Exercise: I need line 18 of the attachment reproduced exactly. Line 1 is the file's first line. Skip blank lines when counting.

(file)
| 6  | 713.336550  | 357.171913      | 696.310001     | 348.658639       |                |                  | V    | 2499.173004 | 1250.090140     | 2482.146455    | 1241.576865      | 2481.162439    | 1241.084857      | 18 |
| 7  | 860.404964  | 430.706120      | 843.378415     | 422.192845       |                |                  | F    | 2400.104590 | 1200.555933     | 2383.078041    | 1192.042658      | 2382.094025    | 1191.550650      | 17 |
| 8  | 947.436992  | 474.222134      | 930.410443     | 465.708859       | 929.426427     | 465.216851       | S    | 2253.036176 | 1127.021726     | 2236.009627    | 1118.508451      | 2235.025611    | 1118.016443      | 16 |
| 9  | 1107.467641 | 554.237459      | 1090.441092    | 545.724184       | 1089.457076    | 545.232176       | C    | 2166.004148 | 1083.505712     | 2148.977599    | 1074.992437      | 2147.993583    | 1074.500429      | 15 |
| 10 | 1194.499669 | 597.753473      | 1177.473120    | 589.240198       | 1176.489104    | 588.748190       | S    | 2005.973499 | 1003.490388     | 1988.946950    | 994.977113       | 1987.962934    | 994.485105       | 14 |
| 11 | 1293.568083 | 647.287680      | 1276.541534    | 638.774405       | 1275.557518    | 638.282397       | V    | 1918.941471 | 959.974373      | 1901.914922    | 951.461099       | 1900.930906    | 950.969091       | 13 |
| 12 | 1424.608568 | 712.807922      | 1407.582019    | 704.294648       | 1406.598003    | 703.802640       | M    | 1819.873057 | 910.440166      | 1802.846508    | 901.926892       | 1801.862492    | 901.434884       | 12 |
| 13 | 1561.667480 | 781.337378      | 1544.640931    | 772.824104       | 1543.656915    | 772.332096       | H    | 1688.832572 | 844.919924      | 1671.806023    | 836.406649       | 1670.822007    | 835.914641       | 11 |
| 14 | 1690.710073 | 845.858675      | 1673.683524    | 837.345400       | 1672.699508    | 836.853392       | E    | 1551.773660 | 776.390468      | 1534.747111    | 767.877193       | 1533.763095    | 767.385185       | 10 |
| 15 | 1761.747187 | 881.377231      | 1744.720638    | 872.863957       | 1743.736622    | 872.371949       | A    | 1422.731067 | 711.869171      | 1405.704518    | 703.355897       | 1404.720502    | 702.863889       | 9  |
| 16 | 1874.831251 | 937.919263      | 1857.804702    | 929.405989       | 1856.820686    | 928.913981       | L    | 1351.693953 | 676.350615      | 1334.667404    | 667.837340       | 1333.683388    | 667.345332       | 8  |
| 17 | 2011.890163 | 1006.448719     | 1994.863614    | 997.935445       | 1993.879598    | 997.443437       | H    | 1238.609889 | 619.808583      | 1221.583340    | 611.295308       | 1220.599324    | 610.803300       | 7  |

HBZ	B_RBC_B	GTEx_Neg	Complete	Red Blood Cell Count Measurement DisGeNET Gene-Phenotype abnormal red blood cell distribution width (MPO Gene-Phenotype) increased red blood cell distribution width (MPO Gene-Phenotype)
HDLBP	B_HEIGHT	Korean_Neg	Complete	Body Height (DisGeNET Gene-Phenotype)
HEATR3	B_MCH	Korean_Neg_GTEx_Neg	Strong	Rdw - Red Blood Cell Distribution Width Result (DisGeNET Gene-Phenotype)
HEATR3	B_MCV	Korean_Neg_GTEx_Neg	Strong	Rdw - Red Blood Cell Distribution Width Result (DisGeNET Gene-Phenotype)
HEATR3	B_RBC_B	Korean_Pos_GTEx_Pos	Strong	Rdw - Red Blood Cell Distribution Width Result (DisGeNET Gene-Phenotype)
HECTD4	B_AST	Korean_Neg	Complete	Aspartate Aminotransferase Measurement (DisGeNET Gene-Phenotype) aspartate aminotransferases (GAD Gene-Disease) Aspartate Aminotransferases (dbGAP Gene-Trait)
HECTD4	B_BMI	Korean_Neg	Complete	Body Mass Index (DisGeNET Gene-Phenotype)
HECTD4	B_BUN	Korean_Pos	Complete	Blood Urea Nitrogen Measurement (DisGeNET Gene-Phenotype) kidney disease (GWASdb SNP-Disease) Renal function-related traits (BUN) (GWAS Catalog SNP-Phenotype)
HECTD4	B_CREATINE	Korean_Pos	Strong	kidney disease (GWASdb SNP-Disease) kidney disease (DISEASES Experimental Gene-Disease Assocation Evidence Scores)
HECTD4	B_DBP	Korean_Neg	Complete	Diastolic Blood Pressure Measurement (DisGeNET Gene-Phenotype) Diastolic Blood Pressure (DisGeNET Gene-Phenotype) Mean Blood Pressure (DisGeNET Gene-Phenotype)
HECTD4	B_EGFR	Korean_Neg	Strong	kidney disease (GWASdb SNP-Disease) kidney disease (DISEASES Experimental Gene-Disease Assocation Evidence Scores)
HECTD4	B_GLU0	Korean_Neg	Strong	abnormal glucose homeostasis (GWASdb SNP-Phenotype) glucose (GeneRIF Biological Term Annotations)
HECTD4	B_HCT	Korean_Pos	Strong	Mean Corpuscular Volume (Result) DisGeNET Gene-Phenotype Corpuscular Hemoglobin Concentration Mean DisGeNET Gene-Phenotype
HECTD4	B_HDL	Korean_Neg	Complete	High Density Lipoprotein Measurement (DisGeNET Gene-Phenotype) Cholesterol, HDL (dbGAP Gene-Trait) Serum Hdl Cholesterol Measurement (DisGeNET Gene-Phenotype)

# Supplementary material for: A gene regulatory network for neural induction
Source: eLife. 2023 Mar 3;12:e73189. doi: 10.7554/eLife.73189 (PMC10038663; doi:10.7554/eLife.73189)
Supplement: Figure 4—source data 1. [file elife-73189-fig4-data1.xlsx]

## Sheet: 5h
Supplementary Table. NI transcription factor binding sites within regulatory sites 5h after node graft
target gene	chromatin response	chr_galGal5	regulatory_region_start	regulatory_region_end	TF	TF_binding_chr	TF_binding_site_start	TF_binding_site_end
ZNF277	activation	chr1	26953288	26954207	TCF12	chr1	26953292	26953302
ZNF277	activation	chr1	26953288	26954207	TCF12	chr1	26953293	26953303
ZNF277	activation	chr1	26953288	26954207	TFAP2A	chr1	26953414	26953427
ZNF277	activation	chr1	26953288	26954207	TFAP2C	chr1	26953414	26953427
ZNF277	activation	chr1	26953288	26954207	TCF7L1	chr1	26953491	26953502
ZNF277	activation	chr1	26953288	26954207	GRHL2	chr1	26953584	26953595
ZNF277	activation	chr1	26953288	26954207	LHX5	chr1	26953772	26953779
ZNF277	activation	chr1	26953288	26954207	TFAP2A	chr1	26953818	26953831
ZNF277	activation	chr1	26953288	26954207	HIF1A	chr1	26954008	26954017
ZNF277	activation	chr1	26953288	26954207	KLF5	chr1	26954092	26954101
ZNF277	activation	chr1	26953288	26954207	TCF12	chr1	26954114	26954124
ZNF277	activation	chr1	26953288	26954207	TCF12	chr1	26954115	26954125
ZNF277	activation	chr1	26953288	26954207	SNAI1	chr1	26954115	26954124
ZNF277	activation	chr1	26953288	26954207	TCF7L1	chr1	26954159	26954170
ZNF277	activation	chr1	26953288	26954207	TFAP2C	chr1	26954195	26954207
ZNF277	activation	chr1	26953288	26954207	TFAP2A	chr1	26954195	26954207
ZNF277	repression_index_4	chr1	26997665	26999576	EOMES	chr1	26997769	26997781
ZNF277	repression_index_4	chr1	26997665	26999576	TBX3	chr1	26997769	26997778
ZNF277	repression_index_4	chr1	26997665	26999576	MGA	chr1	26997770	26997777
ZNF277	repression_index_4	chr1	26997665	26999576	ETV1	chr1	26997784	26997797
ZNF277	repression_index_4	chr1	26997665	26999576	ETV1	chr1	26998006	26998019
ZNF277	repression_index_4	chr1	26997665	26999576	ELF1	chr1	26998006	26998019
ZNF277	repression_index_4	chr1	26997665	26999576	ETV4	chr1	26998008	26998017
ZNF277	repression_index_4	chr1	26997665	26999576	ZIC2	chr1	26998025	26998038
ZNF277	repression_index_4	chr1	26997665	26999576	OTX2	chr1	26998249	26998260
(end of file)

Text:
HECTD4	B_AST	Korean_Neg	Complete	Aspartate Aminotransferase Measurement (DisGeNET Gene-Phenotype) aspartate aminotransferases (GAD Gene-Disease) Aspartate Aminotransferases (dbGAP Gene-Trait)